Immigration

U.S. ad campaign aimed at deterring migrant exodus

 

achardy@ElNuevoHerald.com

A U.S. Customs and Border Protection $1 million campaign to deter the continuing exodus of unaccompanied children at the Mexican border will be outlined Wednesday in downtown Miami.

Commissioner R. Gil Kerlikowske launched the multimedia Spanish-language campaign in July in Central America and Mexico calling on community groups, media, parents and relatives to “safeguard and protect” the lives of migrant children by preventing them from making the voyage to the border.

“Families need to understand that the journey north has become much more treacherous and there are no permisos for those crossing the border illegally,” Kerlikowske said in a statement. “Children, especially, are easy prey for coyotes and transnational criminal organizations and they can be subjected to robbery, violence, sexual assault, sex trafficking or forced labor."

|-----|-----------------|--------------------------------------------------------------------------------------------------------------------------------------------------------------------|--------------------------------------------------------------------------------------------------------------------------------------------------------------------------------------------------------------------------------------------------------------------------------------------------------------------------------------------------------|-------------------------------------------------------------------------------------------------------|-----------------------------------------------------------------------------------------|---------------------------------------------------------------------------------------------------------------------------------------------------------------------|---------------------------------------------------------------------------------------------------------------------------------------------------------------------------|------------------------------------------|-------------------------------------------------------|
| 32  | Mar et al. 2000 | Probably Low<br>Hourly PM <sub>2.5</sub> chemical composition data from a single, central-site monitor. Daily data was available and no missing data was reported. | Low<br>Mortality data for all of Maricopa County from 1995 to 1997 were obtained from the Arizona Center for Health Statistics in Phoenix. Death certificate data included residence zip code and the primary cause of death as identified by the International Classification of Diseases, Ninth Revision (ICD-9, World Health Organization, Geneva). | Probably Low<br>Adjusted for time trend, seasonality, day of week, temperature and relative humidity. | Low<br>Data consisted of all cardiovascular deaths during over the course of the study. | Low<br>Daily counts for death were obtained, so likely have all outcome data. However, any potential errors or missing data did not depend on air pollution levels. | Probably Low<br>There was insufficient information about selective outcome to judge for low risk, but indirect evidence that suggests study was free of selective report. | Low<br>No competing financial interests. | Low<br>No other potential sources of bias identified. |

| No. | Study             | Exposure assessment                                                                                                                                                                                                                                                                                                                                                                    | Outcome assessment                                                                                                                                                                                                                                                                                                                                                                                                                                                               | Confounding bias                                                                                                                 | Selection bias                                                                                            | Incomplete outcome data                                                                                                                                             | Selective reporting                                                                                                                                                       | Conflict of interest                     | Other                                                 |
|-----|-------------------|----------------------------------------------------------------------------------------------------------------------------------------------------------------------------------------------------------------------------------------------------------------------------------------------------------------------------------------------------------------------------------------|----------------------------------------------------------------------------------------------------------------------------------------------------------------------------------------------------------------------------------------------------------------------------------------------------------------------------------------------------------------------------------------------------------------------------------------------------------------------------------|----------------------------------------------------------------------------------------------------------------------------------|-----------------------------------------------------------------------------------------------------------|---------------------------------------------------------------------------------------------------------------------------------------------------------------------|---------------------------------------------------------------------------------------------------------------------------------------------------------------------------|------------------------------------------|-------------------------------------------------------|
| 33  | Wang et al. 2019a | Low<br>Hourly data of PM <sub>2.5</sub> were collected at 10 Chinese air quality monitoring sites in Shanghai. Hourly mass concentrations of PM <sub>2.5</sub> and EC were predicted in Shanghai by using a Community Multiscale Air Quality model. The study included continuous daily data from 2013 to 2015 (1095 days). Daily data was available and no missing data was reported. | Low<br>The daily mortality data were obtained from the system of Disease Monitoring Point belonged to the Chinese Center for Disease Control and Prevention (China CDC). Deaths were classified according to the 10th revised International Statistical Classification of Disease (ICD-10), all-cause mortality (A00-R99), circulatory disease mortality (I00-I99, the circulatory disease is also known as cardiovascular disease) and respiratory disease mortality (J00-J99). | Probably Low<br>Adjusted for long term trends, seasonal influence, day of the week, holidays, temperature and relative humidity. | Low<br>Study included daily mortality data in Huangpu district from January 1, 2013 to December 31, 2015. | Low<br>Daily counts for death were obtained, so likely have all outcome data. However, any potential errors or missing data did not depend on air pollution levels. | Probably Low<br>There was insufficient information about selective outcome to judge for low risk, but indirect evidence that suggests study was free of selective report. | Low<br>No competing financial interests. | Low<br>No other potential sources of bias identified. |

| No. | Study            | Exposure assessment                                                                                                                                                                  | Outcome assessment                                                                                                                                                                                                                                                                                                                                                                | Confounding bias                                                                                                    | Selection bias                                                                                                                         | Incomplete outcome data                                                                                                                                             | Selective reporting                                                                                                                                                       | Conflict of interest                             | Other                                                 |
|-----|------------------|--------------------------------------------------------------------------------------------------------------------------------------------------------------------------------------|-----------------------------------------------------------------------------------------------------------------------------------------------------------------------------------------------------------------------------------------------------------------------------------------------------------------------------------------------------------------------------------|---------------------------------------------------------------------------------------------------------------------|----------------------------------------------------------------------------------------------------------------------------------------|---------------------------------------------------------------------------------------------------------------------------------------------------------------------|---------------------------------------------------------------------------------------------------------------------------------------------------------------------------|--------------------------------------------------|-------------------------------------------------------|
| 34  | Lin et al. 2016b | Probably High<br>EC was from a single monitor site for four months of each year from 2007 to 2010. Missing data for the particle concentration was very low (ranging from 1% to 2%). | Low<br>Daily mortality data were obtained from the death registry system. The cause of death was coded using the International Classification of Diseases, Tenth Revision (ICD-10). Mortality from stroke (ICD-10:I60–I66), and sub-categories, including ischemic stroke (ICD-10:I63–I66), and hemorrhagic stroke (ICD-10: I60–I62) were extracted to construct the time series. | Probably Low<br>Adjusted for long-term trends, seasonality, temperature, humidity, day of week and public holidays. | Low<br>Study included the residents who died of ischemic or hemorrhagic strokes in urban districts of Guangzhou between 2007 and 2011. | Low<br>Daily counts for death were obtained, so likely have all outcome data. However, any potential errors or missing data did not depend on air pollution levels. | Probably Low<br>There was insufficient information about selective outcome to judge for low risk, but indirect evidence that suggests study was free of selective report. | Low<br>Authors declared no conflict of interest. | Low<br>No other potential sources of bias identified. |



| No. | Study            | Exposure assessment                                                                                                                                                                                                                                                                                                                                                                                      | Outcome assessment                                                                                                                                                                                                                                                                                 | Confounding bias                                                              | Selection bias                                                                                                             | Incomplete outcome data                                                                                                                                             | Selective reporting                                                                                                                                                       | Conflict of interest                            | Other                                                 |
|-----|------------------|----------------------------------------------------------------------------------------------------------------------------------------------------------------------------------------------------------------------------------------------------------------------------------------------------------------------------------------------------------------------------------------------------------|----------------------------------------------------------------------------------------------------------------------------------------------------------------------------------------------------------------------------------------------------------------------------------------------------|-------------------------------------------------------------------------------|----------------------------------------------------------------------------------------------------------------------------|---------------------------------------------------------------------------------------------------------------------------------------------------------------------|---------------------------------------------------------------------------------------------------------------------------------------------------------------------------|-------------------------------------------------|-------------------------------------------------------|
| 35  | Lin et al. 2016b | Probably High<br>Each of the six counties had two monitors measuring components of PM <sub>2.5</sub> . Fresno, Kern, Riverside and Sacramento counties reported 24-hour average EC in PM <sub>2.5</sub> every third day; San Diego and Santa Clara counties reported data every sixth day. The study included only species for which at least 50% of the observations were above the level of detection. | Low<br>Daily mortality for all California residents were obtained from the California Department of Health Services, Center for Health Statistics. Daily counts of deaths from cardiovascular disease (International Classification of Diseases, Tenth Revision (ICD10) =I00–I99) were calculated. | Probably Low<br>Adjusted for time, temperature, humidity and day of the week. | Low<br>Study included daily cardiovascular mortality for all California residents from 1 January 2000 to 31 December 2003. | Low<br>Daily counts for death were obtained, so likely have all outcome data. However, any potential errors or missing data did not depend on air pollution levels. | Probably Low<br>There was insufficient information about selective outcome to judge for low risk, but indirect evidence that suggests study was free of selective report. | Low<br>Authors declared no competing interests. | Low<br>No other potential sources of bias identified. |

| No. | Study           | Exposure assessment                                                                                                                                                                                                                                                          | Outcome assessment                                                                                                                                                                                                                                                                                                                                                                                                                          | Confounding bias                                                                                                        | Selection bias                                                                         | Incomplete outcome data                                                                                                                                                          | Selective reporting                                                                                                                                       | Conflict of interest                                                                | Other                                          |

Through the campaign in Central America, border patrol officials hope to warn families of the dangers that unaccompanied minors face if they attempt to travel to the border. The campaign also seeks to counter “misperceptions” that migrant smugglers are allegedly spreading about immigration benefits for those who enter the United States illegally.

The campaign includes events with local media in Spanish in major metropolitan areas with high concentrations of Central Americans such as Miami, Houston, Los Angeles, Washington, D.C., and New York. The public service announcements began airing July 7 in El Salvador, Honduras and Guatemala. Around 6,500 public service announcements will be broadcast on radio and television until September.

Some of the ads include the song La Bestia (the beast), named after the Mexican freight trains the migrants ride to the United States from the Guatemalan border. Posters also will be displayed to spread the message in those countries, U.S. border officials said. In addition to radio, TV and print ads, the campaign also includes 233 billboards — 193 in Guatemala, Honduras and El Salvador; and 40 in Mexico in the states of Chiapas, Tabasco, Veracruz and Oaxaca.

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